During my stay at Kachel the Rev. Father Ryan, prior of the Dominicans, an Irish friar educated in France, invited me to dine at his Convent; and as I felt reluctant to accept the good man's offer, he begged earnestly that I would grant him that favour, as he wanted me to render him a service at the monastery. He had in his establishment two members of the order who had gone through their course of studies in Spain, and who presumptuously maintained, that the French knew nothing, while Spain was the cradle of true theology and sterling philosophy. Now he was glad to have met me to take part with him in vindicating the College studies of France, for he candidly confessed, he took pride in the country where he had been educated, and would be glad to humiliate the Salamanca students.39 I at once consented for the honour of my native land.
While at table these two Spanish Dominicans, full of the cant and prejudice of that country, had nothing in their vocabulary of more familiar use than the terms Lutheran, Huguenots,40 and French Blockheads. They would hardly let me swallow in quiet my Soupe a l'Iroise41 Irish mess of potage, but kept up a sort of rambling fire to annoy me: I begged they would let me dine in comfort, and when the repast had terminated, I took the liberty of putting a few questions in my turn, among others the following drawn from the Science of Theology, ( Tract. de Trinitate.)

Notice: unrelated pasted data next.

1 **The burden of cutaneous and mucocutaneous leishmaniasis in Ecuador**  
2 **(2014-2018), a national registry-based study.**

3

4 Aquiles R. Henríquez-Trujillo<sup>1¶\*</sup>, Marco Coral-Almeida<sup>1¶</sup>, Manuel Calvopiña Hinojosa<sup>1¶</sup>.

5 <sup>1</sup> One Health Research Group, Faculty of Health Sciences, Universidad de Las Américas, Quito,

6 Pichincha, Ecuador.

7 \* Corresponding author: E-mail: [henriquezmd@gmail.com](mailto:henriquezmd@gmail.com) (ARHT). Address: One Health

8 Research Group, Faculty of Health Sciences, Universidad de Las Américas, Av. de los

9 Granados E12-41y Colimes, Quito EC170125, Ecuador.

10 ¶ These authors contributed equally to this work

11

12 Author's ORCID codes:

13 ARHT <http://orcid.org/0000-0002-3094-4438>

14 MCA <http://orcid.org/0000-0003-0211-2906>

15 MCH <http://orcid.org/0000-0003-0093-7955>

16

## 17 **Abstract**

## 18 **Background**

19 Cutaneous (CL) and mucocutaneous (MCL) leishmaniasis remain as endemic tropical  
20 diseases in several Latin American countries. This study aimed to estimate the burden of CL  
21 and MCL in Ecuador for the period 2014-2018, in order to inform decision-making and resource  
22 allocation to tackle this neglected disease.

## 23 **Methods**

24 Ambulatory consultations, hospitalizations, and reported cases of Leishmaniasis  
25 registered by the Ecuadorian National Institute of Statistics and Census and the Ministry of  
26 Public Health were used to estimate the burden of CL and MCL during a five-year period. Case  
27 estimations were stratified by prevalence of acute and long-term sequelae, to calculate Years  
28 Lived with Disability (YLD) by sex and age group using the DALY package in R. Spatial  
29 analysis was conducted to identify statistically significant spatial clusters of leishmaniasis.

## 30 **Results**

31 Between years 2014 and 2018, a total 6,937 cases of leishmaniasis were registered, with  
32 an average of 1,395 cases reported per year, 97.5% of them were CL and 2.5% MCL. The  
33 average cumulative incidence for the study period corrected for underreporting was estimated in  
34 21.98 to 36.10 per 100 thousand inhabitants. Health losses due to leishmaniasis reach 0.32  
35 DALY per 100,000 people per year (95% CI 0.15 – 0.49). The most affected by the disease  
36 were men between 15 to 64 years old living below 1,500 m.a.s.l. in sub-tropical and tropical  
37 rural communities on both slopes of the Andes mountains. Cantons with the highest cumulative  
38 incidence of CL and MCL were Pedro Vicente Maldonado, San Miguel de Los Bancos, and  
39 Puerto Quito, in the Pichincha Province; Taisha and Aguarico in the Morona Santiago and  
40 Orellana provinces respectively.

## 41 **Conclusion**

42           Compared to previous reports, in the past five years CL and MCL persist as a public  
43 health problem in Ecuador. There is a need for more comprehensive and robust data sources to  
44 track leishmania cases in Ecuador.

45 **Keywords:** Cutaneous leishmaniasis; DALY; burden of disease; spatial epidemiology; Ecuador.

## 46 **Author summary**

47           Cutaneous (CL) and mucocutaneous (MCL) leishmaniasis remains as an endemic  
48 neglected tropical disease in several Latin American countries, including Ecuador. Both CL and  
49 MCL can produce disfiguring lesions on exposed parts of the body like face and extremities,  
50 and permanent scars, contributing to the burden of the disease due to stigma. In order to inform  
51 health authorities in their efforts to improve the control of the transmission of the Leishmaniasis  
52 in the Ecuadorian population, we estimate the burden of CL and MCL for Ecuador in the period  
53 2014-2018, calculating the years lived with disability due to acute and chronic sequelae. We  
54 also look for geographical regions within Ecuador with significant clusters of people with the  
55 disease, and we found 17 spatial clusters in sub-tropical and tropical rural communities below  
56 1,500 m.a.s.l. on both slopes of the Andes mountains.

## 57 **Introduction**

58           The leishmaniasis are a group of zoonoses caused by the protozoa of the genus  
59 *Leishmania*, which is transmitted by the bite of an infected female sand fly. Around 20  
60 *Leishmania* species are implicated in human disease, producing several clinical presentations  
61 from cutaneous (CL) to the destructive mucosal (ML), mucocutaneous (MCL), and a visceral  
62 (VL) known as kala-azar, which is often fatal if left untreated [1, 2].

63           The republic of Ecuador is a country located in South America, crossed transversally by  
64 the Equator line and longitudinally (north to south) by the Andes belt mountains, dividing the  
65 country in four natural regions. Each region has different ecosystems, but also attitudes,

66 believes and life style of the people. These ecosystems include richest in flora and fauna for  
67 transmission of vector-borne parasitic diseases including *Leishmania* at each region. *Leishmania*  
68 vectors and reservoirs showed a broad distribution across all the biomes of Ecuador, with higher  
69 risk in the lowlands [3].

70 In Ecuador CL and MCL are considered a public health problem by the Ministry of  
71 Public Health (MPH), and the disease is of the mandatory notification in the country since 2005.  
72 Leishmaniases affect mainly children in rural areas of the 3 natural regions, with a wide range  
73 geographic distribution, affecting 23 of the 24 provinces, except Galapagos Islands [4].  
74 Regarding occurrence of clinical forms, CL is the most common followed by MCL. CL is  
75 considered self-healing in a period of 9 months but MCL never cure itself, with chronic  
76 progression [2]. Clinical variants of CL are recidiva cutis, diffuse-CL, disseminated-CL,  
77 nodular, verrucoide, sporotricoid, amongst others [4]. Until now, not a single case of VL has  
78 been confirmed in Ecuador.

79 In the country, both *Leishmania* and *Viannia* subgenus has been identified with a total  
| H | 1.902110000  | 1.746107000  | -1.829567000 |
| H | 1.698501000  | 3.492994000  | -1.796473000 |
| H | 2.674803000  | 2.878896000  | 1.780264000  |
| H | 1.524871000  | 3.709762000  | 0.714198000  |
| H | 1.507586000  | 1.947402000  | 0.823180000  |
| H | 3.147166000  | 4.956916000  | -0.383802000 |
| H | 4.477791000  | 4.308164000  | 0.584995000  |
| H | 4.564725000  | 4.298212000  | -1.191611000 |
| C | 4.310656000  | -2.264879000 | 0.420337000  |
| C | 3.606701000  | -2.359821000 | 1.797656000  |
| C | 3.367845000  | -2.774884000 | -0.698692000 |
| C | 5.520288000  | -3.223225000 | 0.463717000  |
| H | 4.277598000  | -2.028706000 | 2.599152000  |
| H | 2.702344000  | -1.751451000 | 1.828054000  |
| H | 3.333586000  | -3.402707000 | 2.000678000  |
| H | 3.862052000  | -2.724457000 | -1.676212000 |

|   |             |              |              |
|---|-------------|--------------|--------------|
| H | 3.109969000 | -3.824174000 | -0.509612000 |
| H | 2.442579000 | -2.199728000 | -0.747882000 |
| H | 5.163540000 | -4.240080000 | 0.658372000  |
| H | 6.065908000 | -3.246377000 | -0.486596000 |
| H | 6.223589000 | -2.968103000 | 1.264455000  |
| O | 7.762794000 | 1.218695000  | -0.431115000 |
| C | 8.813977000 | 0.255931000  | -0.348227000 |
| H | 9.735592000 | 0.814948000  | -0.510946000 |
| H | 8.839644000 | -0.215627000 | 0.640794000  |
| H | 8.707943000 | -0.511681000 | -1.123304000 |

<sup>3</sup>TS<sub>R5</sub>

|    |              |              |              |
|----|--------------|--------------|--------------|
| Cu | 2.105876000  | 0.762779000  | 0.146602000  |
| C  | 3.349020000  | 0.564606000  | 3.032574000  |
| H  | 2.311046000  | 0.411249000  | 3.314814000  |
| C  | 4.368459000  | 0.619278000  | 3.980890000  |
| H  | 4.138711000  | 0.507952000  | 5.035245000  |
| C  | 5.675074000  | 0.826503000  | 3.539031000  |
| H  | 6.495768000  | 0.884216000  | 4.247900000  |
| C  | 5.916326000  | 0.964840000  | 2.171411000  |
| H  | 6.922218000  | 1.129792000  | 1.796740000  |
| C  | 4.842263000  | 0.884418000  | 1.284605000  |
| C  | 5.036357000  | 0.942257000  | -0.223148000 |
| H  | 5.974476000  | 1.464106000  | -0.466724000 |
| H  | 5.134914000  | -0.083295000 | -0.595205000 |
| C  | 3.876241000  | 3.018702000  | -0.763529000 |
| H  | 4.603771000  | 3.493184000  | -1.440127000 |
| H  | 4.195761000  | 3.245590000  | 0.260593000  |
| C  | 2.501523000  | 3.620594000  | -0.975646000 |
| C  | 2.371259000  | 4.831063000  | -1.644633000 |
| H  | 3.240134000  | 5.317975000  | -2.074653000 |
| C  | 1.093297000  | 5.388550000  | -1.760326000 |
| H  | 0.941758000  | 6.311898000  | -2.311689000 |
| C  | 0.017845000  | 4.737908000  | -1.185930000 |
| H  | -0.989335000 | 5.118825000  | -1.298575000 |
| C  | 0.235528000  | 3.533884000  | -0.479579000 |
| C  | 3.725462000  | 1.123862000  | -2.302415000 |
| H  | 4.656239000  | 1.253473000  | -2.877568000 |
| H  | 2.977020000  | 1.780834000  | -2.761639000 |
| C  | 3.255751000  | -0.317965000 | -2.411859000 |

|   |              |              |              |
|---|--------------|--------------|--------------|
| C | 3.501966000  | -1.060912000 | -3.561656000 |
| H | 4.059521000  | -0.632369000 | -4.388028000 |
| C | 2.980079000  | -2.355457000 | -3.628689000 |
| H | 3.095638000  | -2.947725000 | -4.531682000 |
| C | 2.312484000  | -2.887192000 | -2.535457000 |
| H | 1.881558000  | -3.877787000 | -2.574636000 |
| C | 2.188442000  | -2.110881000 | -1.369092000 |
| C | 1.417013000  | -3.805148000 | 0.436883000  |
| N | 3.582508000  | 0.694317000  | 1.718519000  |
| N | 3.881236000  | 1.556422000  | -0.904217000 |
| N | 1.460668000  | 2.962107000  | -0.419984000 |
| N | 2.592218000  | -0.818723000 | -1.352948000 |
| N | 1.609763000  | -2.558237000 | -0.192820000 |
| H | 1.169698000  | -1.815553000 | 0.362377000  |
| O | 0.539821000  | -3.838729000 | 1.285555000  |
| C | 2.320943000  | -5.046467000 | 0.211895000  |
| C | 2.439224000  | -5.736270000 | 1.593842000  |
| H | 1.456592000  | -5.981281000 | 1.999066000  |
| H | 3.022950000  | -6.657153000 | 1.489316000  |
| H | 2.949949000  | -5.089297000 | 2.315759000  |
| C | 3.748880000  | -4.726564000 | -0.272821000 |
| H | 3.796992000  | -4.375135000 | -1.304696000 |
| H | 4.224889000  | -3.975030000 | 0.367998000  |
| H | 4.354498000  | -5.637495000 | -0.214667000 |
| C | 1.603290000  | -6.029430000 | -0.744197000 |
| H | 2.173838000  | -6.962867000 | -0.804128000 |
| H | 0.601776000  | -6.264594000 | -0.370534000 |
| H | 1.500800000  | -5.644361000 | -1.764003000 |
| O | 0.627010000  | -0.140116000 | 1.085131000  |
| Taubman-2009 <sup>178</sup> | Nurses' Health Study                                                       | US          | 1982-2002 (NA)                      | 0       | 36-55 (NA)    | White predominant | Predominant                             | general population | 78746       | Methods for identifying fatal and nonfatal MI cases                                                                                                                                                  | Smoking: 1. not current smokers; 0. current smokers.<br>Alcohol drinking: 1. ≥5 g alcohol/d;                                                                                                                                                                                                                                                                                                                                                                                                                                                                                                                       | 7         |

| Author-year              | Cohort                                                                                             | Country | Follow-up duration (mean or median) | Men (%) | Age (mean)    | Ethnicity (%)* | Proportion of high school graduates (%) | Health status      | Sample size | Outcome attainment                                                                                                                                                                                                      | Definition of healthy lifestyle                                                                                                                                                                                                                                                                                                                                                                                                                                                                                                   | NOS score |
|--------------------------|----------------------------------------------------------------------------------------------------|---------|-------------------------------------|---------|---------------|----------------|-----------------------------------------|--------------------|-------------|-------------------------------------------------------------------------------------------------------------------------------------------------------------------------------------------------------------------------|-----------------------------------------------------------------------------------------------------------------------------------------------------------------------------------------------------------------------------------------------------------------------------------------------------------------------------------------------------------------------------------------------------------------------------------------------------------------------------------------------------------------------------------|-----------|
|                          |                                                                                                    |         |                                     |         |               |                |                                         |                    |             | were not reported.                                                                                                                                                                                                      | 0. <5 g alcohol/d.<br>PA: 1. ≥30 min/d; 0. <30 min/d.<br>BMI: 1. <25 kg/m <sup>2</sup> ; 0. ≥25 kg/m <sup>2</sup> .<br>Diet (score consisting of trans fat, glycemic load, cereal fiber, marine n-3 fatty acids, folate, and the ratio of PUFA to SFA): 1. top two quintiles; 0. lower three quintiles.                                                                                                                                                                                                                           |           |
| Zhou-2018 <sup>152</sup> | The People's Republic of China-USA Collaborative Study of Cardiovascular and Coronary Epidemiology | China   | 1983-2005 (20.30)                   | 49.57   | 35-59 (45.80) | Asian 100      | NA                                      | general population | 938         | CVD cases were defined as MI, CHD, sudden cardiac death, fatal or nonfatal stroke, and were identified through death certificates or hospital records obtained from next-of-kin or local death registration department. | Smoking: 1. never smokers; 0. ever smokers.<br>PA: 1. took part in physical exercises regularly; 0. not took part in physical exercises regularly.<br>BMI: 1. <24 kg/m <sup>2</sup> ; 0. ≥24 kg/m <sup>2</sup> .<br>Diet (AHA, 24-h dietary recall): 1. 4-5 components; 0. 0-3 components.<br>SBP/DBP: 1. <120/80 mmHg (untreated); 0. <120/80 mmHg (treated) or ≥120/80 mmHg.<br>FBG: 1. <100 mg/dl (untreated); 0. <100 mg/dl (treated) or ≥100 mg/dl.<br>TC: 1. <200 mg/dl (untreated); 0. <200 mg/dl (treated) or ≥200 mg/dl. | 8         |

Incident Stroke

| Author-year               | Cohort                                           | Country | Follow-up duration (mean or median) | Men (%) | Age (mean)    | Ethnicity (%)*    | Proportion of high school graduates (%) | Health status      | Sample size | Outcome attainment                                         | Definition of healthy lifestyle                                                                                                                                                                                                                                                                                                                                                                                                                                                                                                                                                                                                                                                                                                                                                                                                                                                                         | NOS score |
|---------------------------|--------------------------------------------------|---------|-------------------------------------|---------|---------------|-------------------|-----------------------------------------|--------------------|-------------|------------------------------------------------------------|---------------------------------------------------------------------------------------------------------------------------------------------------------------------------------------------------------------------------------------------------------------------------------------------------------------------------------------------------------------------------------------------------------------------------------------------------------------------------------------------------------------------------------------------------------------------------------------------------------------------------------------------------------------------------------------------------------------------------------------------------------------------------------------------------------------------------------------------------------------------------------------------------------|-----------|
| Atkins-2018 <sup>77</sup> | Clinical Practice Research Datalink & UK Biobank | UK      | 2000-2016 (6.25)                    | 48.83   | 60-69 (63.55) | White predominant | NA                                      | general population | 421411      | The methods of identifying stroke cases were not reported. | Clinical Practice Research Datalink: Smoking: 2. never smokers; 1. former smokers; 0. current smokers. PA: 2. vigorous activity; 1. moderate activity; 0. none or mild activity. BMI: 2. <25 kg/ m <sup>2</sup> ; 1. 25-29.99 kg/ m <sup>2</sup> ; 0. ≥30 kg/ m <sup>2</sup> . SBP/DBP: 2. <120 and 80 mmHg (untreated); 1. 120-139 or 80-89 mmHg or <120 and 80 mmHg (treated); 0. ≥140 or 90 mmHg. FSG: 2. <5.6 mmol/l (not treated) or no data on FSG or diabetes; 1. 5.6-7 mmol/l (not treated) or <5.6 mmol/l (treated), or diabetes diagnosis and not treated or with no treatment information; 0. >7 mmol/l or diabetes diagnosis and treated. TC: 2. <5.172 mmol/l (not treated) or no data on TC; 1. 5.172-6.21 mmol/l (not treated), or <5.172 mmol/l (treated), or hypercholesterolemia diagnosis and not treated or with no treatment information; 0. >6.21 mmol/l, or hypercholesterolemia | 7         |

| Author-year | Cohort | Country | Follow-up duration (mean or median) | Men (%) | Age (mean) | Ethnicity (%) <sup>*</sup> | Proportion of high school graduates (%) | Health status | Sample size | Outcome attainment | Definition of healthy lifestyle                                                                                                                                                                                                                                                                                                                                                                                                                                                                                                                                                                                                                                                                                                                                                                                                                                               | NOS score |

To these questions I begged them to give a scientific and categorical answer. One of them attempted to reply, but soon got entangled in the meshes I had prepared for him; whereupon I observed that perhaps Theology was not the science in which he particularly excelled, as many and various are the gifts, and one hath prophecy, another the gift of tongues, &c. but perhaps the department of Philosophy was more familiar to him, and as there are four distinct parts, viz. Logic, Metaphysics, Ethics, and Physics, he would perhaps allow me to put a few quaeries drawn from the first part, Logic.